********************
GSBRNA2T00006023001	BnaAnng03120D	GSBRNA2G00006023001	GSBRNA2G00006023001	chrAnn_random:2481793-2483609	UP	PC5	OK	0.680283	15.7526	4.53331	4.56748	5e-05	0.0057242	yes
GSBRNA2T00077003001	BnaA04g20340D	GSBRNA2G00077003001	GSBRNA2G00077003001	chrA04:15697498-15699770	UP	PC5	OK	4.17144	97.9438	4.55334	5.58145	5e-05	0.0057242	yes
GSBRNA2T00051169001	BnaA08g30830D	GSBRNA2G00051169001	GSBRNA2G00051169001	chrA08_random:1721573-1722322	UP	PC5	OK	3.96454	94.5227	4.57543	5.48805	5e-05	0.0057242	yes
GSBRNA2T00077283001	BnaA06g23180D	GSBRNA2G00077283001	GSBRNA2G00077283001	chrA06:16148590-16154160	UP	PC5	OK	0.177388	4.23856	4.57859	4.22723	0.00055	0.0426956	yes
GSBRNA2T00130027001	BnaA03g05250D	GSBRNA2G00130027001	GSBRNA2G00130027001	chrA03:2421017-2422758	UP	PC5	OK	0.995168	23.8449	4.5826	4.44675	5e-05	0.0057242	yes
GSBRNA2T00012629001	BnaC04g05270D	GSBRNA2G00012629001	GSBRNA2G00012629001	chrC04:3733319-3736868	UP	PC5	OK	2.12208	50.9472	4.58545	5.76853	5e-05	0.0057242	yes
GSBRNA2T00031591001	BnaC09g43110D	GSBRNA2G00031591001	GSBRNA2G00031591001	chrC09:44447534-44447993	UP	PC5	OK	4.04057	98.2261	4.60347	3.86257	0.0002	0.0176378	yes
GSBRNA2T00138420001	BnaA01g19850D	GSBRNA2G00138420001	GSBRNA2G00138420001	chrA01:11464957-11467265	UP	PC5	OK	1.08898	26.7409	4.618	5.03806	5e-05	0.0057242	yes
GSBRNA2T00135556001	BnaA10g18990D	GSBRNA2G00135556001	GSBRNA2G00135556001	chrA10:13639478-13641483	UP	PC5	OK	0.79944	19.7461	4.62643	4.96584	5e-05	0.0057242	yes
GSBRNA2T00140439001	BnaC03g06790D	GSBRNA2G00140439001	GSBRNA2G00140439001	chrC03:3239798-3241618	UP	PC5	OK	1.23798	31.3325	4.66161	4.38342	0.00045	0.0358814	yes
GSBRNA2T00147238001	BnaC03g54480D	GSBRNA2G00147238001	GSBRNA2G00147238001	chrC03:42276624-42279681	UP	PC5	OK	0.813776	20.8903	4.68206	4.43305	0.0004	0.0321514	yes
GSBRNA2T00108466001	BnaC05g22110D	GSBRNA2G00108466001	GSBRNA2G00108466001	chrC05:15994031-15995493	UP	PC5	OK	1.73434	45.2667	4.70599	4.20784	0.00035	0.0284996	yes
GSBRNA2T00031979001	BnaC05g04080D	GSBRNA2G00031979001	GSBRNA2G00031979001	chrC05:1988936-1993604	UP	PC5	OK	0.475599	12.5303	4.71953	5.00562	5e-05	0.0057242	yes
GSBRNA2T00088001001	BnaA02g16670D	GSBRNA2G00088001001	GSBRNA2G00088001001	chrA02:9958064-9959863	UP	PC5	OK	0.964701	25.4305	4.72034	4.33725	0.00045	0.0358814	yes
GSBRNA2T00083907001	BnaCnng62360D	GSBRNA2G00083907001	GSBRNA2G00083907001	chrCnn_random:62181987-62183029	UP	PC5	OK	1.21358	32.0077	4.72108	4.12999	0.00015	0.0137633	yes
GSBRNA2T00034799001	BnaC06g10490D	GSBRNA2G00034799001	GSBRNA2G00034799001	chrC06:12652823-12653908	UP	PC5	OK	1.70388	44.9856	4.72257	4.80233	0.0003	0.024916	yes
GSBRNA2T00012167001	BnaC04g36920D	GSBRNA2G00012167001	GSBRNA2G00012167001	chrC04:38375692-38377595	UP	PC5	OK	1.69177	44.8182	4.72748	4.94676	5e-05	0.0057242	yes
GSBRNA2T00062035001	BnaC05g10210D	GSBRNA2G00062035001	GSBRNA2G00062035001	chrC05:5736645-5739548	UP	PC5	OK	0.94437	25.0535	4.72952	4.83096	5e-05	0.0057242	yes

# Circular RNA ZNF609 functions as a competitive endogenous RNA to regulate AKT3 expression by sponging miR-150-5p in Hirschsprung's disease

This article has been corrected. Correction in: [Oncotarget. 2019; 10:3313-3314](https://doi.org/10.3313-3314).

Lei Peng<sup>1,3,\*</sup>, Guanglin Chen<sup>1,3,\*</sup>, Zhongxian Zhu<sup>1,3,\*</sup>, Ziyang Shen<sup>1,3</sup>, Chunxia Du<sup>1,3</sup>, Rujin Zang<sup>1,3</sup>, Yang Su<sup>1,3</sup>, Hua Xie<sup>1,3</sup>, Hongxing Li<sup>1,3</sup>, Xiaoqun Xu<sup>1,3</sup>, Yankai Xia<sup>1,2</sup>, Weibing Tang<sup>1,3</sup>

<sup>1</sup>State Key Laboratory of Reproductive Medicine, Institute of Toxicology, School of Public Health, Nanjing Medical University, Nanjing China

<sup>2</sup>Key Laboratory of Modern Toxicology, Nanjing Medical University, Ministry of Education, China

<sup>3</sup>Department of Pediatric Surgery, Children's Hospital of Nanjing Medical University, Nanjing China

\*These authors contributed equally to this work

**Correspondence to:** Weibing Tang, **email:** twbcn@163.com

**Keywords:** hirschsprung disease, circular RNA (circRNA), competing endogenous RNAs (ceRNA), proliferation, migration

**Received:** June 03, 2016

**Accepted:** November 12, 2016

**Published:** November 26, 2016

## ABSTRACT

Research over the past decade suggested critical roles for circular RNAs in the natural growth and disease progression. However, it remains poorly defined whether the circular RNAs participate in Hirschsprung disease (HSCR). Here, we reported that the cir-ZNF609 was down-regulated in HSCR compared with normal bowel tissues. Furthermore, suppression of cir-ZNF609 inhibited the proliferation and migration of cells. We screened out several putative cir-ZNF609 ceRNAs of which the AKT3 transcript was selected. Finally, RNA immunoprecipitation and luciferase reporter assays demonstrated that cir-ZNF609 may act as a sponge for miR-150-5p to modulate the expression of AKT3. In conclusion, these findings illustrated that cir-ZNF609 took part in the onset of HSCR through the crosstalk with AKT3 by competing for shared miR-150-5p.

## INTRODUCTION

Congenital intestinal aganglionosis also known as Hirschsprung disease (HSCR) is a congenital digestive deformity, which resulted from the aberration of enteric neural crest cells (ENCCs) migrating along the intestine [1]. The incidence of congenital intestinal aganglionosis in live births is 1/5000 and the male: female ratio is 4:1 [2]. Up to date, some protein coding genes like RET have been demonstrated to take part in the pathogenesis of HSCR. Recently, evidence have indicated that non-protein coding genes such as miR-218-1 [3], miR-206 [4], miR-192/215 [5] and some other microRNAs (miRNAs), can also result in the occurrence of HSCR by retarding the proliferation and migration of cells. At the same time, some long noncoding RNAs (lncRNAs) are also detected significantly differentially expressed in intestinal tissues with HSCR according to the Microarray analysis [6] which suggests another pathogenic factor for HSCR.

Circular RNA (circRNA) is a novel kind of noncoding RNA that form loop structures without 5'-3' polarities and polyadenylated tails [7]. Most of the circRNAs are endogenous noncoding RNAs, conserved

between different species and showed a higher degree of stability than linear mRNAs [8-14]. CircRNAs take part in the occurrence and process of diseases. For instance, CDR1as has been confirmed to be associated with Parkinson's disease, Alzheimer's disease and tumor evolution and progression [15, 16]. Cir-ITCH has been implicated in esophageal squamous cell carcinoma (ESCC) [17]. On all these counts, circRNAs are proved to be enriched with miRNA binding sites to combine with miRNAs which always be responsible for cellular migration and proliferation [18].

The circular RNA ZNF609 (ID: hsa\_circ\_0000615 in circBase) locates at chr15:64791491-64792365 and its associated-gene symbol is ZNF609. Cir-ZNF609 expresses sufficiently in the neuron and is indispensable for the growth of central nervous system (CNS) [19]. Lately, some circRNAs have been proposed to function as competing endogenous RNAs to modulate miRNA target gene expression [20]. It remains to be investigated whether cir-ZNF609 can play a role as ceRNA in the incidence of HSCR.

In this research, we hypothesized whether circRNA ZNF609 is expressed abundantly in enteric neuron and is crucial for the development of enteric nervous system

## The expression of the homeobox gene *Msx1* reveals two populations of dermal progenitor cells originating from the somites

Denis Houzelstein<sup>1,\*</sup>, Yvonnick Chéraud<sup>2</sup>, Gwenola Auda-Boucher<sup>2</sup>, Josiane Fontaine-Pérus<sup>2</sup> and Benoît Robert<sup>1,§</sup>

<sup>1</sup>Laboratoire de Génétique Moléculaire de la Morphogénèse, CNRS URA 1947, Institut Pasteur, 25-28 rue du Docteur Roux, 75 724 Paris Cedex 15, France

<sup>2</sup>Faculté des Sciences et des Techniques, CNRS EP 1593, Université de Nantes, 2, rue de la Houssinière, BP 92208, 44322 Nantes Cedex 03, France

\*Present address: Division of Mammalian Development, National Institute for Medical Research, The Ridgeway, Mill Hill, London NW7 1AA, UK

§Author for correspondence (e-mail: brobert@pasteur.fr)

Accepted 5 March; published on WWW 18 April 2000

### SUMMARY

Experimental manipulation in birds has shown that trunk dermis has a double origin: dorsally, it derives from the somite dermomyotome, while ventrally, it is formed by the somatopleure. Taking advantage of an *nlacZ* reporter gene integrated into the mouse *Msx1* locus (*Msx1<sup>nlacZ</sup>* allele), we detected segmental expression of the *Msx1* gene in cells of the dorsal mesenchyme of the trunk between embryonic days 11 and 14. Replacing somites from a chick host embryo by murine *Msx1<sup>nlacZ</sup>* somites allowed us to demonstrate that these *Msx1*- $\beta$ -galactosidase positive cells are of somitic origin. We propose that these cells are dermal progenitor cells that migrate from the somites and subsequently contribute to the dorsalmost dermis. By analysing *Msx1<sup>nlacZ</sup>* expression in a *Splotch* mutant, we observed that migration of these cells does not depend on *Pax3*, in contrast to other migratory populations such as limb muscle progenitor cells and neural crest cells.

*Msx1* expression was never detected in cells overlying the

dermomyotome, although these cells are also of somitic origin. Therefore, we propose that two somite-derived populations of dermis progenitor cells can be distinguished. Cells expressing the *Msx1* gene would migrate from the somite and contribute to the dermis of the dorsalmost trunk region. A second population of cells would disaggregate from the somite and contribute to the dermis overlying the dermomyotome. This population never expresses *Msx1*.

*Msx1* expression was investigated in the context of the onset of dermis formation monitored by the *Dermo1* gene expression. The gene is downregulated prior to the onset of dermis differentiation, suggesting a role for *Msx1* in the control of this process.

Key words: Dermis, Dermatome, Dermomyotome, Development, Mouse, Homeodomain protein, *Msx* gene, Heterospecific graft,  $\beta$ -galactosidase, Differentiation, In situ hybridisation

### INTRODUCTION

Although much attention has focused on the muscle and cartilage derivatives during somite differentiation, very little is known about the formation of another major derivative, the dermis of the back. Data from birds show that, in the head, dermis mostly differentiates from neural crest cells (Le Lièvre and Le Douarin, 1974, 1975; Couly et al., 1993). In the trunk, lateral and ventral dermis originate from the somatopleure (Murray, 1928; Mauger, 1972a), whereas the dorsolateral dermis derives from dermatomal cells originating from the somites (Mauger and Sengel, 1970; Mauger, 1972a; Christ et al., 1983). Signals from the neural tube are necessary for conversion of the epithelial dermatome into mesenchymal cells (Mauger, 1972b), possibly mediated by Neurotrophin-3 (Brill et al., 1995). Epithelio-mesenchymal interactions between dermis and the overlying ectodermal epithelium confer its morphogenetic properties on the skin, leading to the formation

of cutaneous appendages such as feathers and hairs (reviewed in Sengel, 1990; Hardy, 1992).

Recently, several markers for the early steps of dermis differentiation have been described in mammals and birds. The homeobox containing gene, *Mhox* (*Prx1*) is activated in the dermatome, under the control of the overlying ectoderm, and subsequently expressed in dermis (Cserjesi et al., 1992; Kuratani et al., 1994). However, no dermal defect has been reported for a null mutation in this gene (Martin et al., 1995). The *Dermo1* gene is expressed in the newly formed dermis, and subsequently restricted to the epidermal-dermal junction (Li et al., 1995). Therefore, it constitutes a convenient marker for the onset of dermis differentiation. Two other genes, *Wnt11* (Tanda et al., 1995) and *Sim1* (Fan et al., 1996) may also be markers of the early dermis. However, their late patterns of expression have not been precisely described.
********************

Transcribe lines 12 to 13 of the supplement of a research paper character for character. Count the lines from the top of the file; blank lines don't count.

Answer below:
GSBRNA2T00108466001	BnaC05g22110D	GSBRNA2G00108466001	GSBRNA2G00108466001	chrC05:15994031-15995493	UP	PC5	OK	1.73434	45.2667	4.70599	4.20784	0.00035	0.0284996	yes
GSBRNA2T00031979001	BnaC05g04080D	GSBRNA2G00031979001	GSBRNA2G00031979001	chrC05:1988936-1993604	UP	PC5	OK	0.475599	12.5303	4.71953	5.00562	5e-05	0.0057242	yes